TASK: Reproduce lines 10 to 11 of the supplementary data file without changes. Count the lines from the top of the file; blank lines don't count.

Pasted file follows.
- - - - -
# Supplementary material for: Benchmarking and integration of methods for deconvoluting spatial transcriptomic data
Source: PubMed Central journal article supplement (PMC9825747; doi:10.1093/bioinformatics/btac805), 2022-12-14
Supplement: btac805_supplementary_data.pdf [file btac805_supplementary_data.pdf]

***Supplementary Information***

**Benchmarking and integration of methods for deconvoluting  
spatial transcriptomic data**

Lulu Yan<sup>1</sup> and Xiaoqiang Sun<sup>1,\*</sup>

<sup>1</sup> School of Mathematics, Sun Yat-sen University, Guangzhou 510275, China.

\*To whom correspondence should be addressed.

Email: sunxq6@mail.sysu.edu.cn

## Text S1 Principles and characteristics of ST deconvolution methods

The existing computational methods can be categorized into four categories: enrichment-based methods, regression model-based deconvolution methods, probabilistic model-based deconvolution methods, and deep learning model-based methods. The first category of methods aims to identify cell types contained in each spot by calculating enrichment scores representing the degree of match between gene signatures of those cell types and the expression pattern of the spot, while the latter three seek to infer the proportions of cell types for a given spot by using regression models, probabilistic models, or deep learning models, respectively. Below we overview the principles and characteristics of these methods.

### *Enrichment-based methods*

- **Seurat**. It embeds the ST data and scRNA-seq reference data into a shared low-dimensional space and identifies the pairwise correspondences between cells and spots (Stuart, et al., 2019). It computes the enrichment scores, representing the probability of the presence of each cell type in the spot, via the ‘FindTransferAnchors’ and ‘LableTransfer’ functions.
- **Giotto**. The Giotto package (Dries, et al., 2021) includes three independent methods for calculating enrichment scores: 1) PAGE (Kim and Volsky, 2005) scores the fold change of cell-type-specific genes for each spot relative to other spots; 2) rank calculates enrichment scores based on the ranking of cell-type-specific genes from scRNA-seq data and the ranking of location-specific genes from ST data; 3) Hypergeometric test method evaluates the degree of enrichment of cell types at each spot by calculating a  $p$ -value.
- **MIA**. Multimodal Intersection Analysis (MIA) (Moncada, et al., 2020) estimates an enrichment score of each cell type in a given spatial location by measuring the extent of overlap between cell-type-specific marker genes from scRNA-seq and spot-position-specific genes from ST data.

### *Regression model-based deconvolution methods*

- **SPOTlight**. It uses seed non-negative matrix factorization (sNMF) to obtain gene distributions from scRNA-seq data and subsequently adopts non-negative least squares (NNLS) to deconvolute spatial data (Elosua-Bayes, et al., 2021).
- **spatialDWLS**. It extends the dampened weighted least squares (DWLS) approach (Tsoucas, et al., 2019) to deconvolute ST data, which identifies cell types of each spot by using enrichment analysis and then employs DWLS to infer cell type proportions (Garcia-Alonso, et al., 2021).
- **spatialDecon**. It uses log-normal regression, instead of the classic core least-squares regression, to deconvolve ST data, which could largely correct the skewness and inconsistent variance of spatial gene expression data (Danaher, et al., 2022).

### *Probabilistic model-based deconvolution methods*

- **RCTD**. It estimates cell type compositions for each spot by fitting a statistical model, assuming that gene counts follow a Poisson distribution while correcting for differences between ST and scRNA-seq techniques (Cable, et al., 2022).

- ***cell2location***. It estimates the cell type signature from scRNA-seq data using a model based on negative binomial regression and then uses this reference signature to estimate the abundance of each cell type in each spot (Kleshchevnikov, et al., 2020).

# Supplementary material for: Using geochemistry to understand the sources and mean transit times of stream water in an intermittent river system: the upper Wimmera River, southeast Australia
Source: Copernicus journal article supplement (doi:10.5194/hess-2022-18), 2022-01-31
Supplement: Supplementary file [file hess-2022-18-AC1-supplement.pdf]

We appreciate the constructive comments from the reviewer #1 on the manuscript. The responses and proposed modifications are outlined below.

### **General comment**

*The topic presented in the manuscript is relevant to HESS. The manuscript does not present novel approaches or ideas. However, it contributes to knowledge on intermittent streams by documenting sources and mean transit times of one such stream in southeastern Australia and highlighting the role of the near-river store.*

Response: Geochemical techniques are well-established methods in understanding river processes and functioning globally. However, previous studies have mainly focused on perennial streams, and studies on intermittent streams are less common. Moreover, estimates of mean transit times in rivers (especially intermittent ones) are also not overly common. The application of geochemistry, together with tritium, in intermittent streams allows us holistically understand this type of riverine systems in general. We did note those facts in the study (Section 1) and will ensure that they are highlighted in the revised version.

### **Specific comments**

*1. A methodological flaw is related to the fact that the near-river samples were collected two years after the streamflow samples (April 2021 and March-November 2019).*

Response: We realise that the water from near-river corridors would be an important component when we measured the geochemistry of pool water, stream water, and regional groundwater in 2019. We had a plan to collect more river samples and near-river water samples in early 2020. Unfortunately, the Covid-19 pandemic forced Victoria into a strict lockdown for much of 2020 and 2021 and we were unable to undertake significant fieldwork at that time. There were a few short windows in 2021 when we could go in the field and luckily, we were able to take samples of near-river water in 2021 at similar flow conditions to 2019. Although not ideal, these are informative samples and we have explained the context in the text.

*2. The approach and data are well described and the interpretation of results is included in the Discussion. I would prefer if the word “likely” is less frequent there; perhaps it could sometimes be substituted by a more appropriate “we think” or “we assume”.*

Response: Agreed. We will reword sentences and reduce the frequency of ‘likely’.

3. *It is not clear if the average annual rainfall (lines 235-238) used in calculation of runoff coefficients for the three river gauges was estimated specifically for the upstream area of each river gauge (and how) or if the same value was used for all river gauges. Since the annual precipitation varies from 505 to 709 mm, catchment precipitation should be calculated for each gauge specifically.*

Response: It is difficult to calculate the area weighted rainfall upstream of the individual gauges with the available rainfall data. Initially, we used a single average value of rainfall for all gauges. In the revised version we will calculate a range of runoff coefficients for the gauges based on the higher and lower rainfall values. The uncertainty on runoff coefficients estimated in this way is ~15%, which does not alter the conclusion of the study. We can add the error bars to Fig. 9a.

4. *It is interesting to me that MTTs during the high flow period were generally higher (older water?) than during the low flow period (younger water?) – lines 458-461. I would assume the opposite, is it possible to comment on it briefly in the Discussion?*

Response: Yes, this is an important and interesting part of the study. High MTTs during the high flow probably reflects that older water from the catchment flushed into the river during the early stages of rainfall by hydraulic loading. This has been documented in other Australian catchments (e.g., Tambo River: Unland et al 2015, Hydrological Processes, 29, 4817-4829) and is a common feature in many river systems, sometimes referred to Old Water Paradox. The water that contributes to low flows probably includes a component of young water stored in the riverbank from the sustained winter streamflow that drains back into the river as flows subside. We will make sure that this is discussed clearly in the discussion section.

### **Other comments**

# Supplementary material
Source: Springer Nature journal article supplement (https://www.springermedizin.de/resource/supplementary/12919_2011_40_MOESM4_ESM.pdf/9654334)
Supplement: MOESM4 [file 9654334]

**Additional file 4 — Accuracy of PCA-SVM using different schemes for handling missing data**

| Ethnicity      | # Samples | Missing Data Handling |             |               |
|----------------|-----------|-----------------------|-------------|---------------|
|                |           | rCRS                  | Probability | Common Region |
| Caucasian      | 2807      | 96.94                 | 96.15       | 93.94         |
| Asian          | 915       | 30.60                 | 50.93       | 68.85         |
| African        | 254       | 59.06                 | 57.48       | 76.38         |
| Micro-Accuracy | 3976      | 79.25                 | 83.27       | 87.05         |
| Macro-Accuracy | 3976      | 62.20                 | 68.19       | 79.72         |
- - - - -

Email: sunxq6@mail.sysu.edu.cn

## Text S1 Principles and characteristics of ST deconvolution methods